PRINTED AND PUBLISHED BY G. W. FOOTE
AT 14 CLERKENWELL GREEN, E.C.
Heinrich Heine called himself a soldier in the army of human liberation. It was a modest description of himself, for he was more; his position was that of a leader, and his sword was like the mystic Excalibur, flashing with the hues of his genius, and dealing death to the enemies of freedom.
Humbler fighters than Heine may count themselves as simple soldiers in that great army, whose leaders' names are graven deep in the history of modern Europe. I also venture to rank myself with them, and it is the summit of my ambition. To be indeed a soldier in that army, however low and obscure, is not to have lived in vain; to persevere, to fight to the end, is to live (if unknown) in the future of humanity.
In the course of my service to "the cause" I have wielded tongue and pen as weapons. The spoken word has gone, like spilt water, except as it may have made an impression on the listeners. The written word remains. Most of it, in truth, was only the week's work, done honestly, but under no special impulse. Some of the rest -- as I have been told, and as in a few cases I feel -- is of less doubtful value; having occasionally the merit of a free play of mind on subjects that are too often treated with ignorance, timidity, or hypocrisy.
This is my reason for publishing in a separate and durable form the articles in this collection. Whether it is a sufficient reason the reader will judge for himself.
No serious attempt has been made at classification. Here and there articles have been placed in intended proximity, though written at different intervals in the past ten years. Sometimes, for an obvious reason, the date of composition has been indicated. Otherwise there is no approach to systematic arrangement; and if this is a defect, the reader has on the other hand the benefit of variety.
The ambitious, and hardly excusable, thing about this collection is its title. But the selection of a label for such a miscellany was not an easy task, and I ask the reader's indulgence in consideration of the difficulty. The title I have chosen is at least a pretty one, and in a sense it is appropriate. These articles are flowers of my Freethought; the blossomings of my mind on particular occasions, after much investigation and pondering.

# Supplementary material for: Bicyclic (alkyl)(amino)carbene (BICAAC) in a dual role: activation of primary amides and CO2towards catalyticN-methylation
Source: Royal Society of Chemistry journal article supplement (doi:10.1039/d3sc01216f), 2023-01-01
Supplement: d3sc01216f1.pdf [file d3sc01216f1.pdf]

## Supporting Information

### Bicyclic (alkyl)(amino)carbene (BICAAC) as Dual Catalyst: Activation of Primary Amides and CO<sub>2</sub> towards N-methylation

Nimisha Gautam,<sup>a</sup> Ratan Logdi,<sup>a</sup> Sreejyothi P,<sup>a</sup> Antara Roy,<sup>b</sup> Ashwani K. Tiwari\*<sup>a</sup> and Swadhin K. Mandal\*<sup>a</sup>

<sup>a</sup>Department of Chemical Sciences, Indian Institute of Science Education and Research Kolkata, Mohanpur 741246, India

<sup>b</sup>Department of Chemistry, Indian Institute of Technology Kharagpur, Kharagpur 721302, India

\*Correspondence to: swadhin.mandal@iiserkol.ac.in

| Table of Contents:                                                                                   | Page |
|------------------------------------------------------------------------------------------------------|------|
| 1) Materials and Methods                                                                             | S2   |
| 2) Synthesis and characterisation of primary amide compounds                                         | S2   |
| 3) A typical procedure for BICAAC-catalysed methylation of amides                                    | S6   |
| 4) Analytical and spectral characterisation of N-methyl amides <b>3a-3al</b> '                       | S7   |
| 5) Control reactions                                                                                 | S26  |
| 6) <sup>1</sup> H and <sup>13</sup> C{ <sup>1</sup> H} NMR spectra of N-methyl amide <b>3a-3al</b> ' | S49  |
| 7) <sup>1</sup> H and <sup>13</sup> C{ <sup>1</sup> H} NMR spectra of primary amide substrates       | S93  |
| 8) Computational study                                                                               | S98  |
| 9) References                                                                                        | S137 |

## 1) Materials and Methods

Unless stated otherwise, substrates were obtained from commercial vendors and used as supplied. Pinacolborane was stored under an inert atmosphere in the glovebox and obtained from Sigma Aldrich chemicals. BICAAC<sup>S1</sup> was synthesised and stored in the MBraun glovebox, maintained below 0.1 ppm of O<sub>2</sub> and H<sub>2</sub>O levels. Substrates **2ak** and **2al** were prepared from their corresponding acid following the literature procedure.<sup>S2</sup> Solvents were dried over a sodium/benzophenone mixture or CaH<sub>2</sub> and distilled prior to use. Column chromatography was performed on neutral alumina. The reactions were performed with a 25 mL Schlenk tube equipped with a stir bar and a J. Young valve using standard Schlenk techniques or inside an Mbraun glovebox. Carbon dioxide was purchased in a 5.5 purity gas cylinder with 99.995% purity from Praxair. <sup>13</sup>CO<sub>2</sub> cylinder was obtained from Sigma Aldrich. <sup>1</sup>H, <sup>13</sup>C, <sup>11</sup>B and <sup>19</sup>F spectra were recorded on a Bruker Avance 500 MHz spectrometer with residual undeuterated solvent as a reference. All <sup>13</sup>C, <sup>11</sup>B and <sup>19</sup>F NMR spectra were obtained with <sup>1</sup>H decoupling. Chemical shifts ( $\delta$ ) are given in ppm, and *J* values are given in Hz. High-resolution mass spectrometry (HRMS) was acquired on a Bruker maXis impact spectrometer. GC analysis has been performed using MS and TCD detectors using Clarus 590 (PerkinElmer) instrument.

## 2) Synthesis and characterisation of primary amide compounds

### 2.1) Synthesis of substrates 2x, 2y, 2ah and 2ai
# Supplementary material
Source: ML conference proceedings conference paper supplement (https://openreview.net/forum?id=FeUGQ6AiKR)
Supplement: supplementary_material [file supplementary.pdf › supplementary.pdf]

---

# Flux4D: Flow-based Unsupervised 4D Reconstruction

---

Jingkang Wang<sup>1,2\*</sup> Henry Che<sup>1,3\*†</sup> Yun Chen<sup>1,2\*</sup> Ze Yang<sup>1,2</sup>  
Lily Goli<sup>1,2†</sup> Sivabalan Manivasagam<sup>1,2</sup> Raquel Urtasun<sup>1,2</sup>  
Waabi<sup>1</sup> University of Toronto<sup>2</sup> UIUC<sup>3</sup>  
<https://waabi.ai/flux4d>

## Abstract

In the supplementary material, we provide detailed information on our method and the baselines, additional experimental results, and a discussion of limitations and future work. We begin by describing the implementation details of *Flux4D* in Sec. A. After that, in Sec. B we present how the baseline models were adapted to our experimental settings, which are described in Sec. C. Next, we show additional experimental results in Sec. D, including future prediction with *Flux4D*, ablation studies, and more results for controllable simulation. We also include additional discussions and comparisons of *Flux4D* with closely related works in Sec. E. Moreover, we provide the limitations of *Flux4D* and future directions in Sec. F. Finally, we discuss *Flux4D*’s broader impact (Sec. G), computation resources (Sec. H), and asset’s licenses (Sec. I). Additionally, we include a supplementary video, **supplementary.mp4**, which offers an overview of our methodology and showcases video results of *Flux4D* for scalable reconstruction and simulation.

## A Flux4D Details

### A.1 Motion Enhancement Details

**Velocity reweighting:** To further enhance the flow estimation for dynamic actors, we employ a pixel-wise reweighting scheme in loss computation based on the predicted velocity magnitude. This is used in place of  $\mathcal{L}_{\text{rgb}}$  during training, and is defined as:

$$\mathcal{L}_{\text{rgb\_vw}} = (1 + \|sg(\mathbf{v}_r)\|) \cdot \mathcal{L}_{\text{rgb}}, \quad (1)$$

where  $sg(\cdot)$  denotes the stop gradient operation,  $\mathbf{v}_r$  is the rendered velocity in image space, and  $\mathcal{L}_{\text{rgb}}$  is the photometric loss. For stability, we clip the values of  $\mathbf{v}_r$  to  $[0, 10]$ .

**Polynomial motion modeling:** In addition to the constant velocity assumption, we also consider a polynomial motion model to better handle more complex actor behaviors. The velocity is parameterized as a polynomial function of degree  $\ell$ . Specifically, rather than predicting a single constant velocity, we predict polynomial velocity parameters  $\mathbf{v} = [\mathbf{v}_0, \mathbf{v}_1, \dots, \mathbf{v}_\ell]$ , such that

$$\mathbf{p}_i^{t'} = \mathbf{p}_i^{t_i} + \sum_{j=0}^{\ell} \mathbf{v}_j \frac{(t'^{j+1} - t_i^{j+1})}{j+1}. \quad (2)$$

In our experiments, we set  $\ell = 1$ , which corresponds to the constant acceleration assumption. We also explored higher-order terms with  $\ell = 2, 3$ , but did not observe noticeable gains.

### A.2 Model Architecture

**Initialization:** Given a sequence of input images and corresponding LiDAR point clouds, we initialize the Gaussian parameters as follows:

Wherever I have made a rash statement I shall be happy to be corrected; wherever I may have argued wrongly, I shall be happy to be set right. But I am less amenable to appeals on the ground of "taste." They are almost invariably made by those who wish failure to one's propaganda. A fair controversialist will refrain from personalities. I have done this, and I will do no more. I believe in free thought and honest speech. In the war of ideas there is neither treaty nor truce. To ask for quarter is to admit defeat; and to give it is treachery to Truth.
G. W. FOOTE
|Where Is Hell?||27|
|Spurgeon And Hell||30|
|Is Spurgeon In Heaven?||34|
|God In Japan||38|
|Stanley On Providence||42|
|Gone To God||45|
|Wait Till You Die||81|
|Mr. Gladstone On Devils||94|
|The Gospel Of Freethought||101|
|Who Are The Blasphemers?||112|
|Christianity And Common Sense||114|
|The Lord Of Lords||117|
|Consecrating The Colors||122|
|Christmas In Holloway Gaol||125|
|Who Killed Christ?||130|
|Did Jesus Ascend?||134|
|The Rising Son||137|
|St. Paul's Veracity||140|
|No Faith With Heretics||145|
|The Logic Of Persecution||147|
|Luther And The Devil||151|
|Living By Faith||161|
|Desecrating A Church||166|
|Tennyson And The Bible||174|
|Christ's Old Coat||179|
|Christ's Coat, Number Two||183|
|Scotched, Not Slain||186|
|God And The Weather||193|
|A Real Miracle||200|
|Jesus On Women||204|
|Paul On Women||208|